Irene: More Than 2K JCP&L Residents Without Power
What are you seeing in your neighborhood?
Jersey Central Power and Light is reporting more than 2,000 Warren customers are without power, and many others are finding trees toppled by Hurricane Irene.
"Our biggest problems are power outages caused by trees falling into wires," Warren Police Lt. Robert Glen said. "We are having a tough time getting the power companies to respond as they are overwhelmed in other areas. We had some flooding issues but most of that subsided shortly after the rain was done this morning."
Township emergency management officials hurried to prepare the Watchung Hills Regional High School for use as an emergency shelter for residents evacuated from nearby towns this morning. Reports also indicate the shelter at Stonecrest Community Church has been closed.
Some areas in Warren flooded, including sections of town in the Dead River Road area. Sections of Green Brook, Long Valley and Basking Ridge are reporting flooding.
Many area roadways are closed or nearly impassable due to flooding, including sections of Interstate 78, Route 22 in Green Brook and Morning Glory Road.
Somerset County officials are reminding residents the danger of flooding continues, too, even as the storm leaves the area.
“Our top priority is the safety of our residents,” said Freeholder Director Robert Zaborowski. “I can’t emphasize enough the importance for residents to stay off the roads unless it is absolutely necessary to leave home. The potential for injury from falling trees and flooded roads is very high,” he said.
“At some point the rain will stop and you may be tempted to go about your normal routine, please don’t!" he added. "The potential for injury and problems will continue throughout the day.”
Bernards Township Office of Emergency Management Coordinator Sgt. Mike Shimsky said Sunday morning that flood-prone Newell Drive at the Mount Airy Road intersection had been closed since about 5:30 a.m.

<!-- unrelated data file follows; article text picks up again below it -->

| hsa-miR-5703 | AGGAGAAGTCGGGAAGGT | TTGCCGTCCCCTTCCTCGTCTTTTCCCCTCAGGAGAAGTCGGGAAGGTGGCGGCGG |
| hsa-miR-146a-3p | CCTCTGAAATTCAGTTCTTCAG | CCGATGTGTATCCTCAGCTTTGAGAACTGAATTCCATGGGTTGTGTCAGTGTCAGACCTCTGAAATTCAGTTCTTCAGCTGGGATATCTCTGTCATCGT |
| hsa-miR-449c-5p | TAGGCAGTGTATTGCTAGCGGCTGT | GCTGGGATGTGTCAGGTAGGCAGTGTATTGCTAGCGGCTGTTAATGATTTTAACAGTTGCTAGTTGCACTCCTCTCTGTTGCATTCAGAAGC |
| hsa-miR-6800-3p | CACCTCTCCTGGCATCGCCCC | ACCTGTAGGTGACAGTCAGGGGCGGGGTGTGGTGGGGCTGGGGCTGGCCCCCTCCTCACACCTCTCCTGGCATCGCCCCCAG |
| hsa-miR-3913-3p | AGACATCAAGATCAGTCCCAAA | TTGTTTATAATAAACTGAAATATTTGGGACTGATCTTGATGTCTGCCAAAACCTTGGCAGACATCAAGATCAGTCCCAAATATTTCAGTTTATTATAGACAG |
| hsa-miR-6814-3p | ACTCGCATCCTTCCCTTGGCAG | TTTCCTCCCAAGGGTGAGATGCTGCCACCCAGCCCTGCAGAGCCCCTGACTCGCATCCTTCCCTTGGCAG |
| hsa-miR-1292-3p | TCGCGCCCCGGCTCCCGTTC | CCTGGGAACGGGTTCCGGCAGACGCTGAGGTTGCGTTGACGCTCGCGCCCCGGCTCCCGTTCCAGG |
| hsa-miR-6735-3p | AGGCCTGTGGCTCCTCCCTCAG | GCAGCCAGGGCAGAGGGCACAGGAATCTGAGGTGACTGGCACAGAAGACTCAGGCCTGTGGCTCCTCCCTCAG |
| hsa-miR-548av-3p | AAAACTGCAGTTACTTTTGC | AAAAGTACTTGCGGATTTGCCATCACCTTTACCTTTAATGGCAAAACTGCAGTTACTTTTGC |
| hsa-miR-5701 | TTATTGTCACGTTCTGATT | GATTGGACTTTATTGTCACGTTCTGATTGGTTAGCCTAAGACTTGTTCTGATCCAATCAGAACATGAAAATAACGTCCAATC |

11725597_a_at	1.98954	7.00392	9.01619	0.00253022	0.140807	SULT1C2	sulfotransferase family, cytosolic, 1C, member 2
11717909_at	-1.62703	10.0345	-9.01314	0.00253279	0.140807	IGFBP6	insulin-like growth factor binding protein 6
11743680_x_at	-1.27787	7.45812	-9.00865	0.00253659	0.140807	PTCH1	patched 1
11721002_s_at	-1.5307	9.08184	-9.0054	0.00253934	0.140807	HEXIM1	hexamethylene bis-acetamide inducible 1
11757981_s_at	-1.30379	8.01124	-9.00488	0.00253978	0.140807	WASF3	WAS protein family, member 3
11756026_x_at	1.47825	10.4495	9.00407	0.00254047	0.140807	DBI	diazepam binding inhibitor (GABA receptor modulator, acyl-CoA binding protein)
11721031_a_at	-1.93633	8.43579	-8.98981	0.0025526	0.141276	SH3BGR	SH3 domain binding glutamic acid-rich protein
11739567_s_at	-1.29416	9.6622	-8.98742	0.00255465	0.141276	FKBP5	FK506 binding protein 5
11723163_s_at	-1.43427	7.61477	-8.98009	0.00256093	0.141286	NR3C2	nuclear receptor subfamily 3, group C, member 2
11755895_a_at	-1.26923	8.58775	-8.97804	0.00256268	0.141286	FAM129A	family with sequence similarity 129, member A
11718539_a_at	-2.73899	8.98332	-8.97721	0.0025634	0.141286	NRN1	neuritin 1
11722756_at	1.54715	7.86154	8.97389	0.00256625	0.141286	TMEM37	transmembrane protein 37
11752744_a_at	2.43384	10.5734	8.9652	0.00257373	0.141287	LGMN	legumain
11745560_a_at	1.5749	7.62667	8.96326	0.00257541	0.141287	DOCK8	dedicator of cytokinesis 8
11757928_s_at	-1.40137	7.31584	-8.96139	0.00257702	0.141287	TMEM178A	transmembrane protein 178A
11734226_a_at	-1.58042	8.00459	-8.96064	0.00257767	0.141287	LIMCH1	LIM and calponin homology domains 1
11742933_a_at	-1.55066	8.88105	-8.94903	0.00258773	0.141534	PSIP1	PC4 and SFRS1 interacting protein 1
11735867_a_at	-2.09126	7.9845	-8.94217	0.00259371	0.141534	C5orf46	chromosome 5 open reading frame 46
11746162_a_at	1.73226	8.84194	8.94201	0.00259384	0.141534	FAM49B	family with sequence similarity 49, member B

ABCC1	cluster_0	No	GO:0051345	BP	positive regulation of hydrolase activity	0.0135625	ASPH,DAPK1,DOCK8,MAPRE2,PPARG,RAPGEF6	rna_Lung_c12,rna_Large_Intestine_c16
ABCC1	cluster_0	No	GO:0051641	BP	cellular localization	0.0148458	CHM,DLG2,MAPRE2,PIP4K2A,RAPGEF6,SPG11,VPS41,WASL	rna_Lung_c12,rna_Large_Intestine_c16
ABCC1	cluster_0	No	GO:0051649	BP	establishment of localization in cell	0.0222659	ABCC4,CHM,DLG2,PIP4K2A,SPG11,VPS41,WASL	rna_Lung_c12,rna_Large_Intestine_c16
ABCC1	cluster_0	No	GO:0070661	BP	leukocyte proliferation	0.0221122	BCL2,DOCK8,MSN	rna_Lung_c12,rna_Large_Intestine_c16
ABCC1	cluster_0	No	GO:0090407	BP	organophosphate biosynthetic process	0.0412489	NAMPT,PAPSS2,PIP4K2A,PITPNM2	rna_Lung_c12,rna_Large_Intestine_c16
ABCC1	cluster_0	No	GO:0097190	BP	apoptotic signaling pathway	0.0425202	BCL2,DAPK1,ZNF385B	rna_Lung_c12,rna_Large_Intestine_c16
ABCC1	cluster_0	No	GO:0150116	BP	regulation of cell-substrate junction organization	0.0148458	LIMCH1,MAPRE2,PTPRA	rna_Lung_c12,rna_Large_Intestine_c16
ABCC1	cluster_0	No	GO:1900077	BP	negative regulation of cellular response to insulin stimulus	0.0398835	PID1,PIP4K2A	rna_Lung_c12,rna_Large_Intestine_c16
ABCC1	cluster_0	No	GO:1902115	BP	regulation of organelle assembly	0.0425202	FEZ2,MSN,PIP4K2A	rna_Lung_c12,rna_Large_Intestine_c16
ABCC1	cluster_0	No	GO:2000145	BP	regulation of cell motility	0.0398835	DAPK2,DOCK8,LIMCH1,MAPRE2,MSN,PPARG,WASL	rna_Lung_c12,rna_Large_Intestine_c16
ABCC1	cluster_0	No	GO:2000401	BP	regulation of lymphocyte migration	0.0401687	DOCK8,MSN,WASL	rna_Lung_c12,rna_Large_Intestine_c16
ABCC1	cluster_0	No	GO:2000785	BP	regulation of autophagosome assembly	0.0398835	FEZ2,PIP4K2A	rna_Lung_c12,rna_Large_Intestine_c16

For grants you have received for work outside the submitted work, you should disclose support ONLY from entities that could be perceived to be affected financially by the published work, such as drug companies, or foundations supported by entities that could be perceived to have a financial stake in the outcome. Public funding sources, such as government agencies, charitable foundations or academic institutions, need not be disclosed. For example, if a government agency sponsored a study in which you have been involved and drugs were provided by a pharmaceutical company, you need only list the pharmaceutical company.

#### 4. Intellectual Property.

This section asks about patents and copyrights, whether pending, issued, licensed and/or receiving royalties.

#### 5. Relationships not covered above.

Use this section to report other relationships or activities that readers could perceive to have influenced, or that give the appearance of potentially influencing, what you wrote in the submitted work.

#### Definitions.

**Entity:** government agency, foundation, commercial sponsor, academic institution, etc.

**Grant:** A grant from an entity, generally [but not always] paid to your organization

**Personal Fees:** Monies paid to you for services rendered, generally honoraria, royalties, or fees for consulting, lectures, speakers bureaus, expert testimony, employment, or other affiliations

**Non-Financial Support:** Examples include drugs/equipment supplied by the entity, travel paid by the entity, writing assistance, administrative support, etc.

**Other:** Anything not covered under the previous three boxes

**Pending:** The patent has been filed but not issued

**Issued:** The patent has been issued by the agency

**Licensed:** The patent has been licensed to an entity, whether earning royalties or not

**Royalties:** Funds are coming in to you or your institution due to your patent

That spot and others remained closed due to road flooding as of shortly before 9 a.m., Shimsky said at that time. "That's not going to be open until the rain stops," he said.
Hurricane downgraded to tropical storm
Irene had been downgraded to a tropical storm for this area as of Sunday, but the last of the rain had not passed. As of 10 a.m., the National Weather Service still was predicting periods of rain through 4 p.m.
Also closed on Sunday morning, Valley Road between Liberty Corner and leading to Martinsville, Shimsky said.
Lyons Road between Goltra and Mount Airy Roads also remained closed, Shimsky said.
Part of Lake Road was earlier impassable, but may have been later opened, Shimsky said.
Meanwhile, state police at Somerville were advising motorists to stay off interstates at about 8 a.m. Sunday, saying that both interstates 78 and 287 had multiple points of flooding and trees down, including near the I-287 and 78 interchange in Bedminster.
A foot of water was stretched across I-78 at milepost 31, just two miles west of the highway's exit 33 leading into Bernards Township and Warren Township.
A tree also was down at milepost 29.1 on that highway, a trooper said.
Flooding made exiting onto local roads difficult along both highways, he said.
State police are asking drivers to stay off the interstate highways, he emphasized at about 8:05 a.m.
Meanwhile, reports are that the Jersey Shore was pummeled harder, with many residents evacuated and many power outages reported in Ocean County.
The Jersey Shore started to feel the heavy impact of Hurricane Irene Saturday night and Sunday morning as strong wind gusts and driving rains became more frequent, causing slick roads, poor visibility and plenty of reasons to find shelter, according to a report from shore-based Patch sites.